Record fall in UK and EU power sector emissions in 2023

  • London

  • 7 February 2024

Record wind power in the UK, with the cleanest power sector ever in 2023

[Brussels, 7 February 2024] An unprecedented collapse in EU coal and gas electricity generation in 2023 led to a record drop in power sector emissions, according to the European Electricity Review published today by think tank Ember. UK power sector emissions also fell by a record 16% in 2023, slightly below the EU’s decline of 19%, as wind hit record highs.

Europe is entering a new era of energy transition, with the cleanest power sectors ever in the UK and the EU last year. Cheap and homegrown wind power now provides well over a quarter of the UK’s electricity. Fossil fuels are playing a smaller role than ever as a system with wind and solar as its backbone comes into view.

Sarah Brown Ember’s Europe programme director
EU shifts away from fossil fuel power

The EU’s shift away from fossil fuels was evident in 2023 with record drops in coal generation (-26%) as well as gas (-15%). This led to the largest decline on record for EU power sector emissions too (-19%), as wind and solar grew and electricity demand fell. Renewables continued to increase as wind power generation (18%) overtook gas (17%) for the first time in 2023. 

Fossil generation plummeted by a record 19% in 2023, accounting for less than a third of EU power for the first time. Coal fell by 26% to its lowest ever level at 333 TWh, or 12% of the EU’s electricity generation. Coal’s decline did not result in a rise in gas, which instead fell by 15%, the largest annual reduction since at least 1990 and the fourth consecutive year of gas generation decline. 

In contrast, wind and solar combined achieved their highest ever year-on-year increases in both generation and installed capacity, at 90 TWh and 73 GW. Together they produced a record 27% of EU electricity in 2023 — above a quarter for the first time. Wind generated 18% of EU power, or 475 TWh, equivalent to France’s total generation demand. Solar continued its strong growth to generate 9% EU electricity (246 TWh). Overall renewables rose to a record 44% share of EU power in 2023, as hydro power also recovered from lows in 2022.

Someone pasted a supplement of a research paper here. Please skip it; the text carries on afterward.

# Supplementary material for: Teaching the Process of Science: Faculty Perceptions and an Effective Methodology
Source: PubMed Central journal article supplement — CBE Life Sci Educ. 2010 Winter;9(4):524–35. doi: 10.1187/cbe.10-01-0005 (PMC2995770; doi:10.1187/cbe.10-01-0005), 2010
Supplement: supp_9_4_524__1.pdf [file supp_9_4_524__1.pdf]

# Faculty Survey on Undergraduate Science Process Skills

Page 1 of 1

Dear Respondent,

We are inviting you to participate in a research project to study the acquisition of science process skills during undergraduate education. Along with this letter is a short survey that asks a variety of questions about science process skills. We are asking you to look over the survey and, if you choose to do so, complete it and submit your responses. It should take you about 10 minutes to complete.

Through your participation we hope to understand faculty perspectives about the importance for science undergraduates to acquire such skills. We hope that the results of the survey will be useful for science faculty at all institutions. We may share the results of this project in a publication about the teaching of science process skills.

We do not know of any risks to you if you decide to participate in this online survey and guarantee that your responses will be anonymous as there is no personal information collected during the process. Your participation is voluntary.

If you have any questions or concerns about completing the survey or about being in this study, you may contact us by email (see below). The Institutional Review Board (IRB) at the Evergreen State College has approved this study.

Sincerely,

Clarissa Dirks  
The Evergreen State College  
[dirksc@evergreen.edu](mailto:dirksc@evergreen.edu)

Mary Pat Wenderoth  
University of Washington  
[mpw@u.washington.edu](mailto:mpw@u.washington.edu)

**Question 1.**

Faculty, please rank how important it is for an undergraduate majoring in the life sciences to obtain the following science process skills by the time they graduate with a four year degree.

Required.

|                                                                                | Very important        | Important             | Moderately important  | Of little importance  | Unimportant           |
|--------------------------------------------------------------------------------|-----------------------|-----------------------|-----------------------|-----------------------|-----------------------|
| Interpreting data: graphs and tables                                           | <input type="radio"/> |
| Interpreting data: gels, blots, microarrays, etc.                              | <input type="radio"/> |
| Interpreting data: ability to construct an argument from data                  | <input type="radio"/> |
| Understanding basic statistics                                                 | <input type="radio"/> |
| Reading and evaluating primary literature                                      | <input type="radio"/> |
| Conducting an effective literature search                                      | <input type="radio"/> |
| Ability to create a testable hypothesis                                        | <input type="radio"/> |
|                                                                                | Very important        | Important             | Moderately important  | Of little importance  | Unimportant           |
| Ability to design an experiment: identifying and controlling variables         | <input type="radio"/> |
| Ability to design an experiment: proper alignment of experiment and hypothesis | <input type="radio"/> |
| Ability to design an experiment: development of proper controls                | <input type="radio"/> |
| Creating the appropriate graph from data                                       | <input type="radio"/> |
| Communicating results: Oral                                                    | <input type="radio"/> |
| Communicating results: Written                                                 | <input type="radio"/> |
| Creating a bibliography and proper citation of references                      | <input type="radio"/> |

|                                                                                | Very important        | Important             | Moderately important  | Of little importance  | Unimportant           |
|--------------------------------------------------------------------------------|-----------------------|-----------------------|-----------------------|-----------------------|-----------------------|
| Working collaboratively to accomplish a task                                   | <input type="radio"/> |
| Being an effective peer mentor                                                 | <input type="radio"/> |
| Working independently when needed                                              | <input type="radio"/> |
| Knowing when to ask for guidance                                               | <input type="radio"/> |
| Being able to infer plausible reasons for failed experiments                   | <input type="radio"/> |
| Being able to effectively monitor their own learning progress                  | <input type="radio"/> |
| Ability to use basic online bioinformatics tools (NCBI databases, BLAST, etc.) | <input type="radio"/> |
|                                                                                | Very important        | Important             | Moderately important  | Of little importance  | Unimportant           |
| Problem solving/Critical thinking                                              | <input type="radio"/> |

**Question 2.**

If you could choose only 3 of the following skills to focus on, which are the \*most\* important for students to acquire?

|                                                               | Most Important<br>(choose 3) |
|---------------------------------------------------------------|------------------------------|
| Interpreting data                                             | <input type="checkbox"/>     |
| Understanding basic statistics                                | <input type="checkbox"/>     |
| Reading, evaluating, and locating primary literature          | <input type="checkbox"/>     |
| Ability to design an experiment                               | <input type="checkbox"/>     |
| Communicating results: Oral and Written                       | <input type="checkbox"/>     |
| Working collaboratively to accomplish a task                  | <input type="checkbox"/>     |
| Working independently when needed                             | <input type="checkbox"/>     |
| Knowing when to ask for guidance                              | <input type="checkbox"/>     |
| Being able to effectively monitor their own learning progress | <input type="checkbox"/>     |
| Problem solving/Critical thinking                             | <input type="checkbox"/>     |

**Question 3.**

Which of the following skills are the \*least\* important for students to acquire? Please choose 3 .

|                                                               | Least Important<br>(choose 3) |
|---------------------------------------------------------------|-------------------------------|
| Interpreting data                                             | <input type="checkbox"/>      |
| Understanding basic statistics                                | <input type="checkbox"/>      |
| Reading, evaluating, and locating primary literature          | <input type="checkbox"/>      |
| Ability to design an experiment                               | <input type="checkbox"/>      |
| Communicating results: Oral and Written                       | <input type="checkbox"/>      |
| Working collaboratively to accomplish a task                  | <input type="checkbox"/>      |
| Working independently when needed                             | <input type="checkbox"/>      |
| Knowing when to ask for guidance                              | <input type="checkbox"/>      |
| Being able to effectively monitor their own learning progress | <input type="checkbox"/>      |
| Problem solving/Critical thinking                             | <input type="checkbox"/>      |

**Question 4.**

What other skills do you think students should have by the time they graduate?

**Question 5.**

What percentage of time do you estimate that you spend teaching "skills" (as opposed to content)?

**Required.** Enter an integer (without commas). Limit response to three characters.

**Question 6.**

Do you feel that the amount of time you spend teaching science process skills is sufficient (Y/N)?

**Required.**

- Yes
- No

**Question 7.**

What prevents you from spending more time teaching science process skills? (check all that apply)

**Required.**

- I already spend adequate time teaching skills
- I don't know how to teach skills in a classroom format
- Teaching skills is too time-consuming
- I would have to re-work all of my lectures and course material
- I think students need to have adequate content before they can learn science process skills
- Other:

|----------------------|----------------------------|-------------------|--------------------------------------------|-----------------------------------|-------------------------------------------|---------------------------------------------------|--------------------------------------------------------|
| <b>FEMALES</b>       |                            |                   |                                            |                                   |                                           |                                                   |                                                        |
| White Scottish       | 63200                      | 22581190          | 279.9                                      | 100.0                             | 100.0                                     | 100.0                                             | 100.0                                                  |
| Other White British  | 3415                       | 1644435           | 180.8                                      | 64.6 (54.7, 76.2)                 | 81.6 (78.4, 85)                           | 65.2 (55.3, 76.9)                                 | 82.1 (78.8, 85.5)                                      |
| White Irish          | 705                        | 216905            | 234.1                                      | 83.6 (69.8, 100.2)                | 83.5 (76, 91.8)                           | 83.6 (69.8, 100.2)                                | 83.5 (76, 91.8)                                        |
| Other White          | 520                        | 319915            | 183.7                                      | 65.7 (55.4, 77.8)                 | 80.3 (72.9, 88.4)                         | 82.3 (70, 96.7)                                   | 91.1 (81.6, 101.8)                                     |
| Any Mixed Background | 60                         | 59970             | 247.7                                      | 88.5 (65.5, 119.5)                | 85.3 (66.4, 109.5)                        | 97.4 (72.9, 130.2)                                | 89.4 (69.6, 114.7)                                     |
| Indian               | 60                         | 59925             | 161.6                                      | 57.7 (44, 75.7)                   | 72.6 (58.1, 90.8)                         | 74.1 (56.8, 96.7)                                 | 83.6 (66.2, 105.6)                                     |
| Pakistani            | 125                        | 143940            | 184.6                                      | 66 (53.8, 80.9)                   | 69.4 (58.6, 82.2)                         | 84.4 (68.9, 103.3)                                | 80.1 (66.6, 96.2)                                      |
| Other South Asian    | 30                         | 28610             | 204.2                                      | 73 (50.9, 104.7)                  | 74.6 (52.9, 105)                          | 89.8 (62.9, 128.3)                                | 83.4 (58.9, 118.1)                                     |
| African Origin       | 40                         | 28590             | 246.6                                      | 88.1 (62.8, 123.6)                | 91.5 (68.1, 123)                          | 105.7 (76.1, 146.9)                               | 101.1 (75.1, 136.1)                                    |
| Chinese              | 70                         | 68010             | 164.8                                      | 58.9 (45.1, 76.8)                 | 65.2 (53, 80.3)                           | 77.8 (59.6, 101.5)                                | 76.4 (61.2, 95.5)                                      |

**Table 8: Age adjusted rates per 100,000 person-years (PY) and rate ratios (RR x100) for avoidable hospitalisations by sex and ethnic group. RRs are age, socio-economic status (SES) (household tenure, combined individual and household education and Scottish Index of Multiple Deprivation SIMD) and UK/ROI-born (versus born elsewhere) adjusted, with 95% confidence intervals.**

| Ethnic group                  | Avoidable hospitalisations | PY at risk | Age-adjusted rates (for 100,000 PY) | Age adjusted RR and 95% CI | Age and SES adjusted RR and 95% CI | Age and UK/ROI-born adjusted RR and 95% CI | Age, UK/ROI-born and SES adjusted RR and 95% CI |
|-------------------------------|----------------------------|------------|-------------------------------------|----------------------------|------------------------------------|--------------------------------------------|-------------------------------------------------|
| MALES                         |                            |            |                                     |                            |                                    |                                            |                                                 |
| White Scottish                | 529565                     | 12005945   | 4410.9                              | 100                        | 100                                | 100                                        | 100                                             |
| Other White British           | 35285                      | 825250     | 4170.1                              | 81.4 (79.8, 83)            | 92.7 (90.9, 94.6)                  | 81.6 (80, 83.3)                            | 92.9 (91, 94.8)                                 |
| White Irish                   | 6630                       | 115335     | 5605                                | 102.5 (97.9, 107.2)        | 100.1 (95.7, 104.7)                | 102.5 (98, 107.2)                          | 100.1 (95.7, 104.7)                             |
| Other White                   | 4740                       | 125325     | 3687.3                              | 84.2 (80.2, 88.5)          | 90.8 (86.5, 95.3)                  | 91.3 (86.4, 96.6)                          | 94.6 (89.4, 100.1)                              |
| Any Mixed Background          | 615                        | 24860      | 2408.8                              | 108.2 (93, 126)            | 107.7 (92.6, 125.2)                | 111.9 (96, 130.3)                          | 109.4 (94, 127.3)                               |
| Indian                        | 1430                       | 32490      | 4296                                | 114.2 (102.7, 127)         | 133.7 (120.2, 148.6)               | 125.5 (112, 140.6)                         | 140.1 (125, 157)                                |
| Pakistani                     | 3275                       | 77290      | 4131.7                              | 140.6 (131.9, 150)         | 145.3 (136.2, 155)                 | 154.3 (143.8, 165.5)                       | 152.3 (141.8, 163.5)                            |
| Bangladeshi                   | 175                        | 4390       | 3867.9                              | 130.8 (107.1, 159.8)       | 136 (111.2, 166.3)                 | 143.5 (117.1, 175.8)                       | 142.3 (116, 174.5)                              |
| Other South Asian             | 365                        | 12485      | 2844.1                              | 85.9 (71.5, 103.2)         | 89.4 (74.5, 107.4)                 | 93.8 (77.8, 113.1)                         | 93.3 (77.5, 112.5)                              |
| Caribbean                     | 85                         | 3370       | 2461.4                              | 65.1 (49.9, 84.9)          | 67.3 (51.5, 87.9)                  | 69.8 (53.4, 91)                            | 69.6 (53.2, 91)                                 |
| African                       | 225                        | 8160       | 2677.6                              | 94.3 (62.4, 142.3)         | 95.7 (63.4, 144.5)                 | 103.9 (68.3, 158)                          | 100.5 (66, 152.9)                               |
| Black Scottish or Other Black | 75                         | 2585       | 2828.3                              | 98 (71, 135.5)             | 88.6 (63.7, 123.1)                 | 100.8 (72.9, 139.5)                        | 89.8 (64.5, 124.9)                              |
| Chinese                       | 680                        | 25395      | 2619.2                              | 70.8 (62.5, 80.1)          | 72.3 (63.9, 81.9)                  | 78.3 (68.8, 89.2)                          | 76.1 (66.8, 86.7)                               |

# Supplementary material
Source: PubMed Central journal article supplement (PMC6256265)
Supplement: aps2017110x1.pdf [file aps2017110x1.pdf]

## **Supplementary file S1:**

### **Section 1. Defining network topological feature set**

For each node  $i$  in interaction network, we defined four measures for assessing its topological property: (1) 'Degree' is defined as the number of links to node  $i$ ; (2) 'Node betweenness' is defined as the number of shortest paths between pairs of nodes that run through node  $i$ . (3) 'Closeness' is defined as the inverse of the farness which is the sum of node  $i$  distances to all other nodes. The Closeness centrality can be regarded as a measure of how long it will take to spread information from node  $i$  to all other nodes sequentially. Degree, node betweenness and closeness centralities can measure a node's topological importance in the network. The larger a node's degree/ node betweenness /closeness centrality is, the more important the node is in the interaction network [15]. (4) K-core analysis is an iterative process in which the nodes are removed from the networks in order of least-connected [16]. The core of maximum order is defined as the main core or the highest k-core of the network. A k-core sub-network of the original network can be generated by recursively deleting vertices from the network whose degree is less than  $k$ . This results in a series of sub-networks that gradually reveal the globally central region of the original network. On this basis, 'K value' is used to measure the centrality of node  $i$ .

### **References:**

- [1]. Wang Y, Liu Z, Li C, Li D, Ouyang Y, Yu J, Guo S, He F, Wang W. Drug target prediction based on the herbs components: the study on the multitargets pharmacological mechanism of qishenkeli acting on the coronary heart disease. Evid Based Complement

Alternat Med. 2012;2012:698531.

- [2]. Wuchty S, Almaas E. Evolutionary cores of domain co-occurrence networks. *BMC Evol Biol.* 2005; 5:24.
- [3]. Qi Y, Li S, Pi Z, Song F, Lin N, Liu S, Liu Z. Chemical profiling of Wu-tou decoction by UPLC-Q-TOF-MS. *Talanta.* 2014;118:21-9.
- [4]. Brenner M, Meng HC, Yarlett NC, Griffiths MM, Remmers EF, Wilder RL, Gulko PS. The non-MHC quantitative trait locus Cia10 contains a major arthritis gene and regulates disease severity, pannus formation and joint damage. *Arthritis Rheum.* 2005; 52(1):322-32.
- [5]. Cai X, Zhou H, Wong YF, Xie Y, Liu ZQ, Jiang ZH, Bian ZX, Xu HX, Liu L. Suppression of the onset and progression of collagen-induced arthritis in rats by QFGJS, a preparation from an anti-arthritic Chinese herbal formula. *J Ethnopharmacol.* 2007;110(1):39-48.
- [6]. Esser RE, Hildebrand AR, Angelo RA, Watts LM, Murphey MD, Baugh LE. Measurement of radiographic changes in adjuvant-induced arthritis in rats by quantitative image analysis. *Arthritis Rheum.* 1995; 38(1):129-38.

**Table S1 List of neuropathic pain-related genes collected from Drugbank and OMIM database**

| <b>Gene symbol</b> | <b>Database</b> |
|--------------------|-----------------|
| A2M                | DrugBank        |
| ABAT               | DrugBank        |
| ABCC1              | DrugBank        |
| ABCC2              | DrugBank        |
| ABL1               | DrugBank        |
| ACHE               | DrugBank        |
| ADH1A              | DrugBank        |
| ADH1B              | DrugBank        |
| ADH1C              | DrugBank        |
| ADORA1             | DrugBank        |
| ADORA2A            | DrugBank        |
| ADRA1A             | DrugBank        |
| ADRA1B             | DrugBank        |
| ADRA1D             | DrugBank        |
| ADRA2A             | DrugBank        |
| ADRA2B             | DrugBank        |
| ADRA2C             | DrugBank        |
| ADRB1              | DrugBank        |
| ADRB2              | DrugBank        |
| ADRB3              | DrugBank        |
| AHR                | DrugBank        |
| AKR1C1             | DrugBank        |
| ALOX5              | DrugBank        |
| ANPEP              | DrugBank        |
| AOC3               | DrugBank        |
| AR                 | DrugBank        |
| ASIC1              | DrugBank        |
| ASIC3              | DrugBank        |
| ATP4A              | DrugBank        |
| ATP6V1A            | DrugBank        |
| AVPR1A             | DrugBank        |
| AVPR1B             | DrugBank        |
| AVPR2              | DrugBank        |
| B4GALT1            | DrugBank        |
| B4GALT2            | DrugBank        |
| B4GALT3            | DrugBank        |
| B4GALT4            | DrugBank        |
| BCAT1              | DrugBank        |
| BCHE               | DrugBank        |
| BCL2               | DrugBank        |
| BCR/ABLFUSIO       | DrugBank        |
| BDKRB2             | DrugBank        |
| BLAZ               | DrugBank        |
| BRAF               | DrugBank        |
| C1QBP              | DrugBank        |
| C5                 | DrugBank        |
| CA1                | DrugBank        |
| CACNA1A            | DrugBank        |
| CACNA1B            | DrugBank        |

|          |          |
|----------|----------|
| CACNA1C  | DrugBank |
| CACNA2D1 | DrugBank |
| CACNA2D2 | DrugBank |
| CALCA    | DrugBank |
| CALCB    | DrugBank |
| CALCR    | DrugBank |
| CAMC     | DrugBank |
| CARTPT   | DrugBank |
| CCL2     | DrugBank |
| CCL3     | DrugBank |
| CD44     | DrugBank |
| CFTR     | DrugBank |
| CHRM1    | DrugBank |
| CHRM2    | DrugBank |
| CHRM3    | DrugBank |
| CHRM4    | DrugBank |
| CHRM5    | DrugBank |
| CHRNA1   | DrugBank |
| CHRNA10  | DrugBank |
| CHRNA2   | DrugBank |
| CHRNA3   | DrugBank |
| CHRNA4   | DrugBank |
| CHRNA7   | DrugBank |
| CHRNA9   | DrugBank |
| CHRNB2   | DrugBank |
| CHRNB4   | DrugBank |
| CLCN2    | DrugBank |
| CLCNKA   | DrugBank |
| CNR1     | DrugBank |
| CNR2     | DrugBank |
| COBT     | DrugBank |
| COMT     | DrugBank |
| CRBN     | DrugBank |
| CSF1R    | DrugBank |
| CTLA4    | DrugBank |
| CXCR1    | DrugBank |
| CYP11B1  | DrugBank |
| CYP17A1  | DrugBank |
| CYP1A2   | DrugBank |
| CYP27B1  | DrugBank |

Ember’s analysis showed the EU continued its shift towards a system powered by wind and solar as 24% of hours in 2023 saw less than a quarter of electricity coming from fossil fuels, a major step up from just 4% of hours in 2022. Accordingly, there was increased attention on system-wide enablers for wind and solar growth in 2023, such as grids, storage and demand side response. 

Drop in UK power sector emissions as wind hits records

Like the EU, the UK also saw power sector emissions fall, with a 16% decrease driven by record wind generation of 82 TWh and a significant drop in gas generation of 20% (-25 TWh). Demand also fell by 2% to 317 TWh in 2023, its lowest level since 1989.

Wind and solar accounted for a record third (33%) of UK electricity generation in 2023 — the highest combined levels ever, up from 29% in 2022. With the fall in gas generation, this pushed clean power over the 60% share mark for the first time. This was due to wind achieving a record generation share of 28%, on par with Germany and only surpassed in the EU by Denmark, Ireland and Portugal. Solar power accounted for just 4.6% of UK electricity, half the EU average of 9.1%.

Despite this step forward for the UK’s clean power transition, 2023 also brought challenges. September’s offshore wind auction failed to secure any bids, a threat to the UK’s target of 50 GW of offshore wind by 2030. This resulted from the maximum Contracts for Difference strike price (£44 per megawatt hour) failing to account for increased costs. However, the government has taken steps to address this, with an announcement in November that the strike price for the next auction would be increased by 66%

Ember’s analysis highlights that in the EU, flexibility mechanisms such as grids, storage, and demand side response are gaining increasing attention as wind and solar grow. The UK is a leading example when it comes to demand side flexibility. National Grid ESO ran its first Demand Flexibility Service from November 2022 to March 2023, during which time households and businesses saved 3.3 GWh of electricity, enough to power 10 million homes.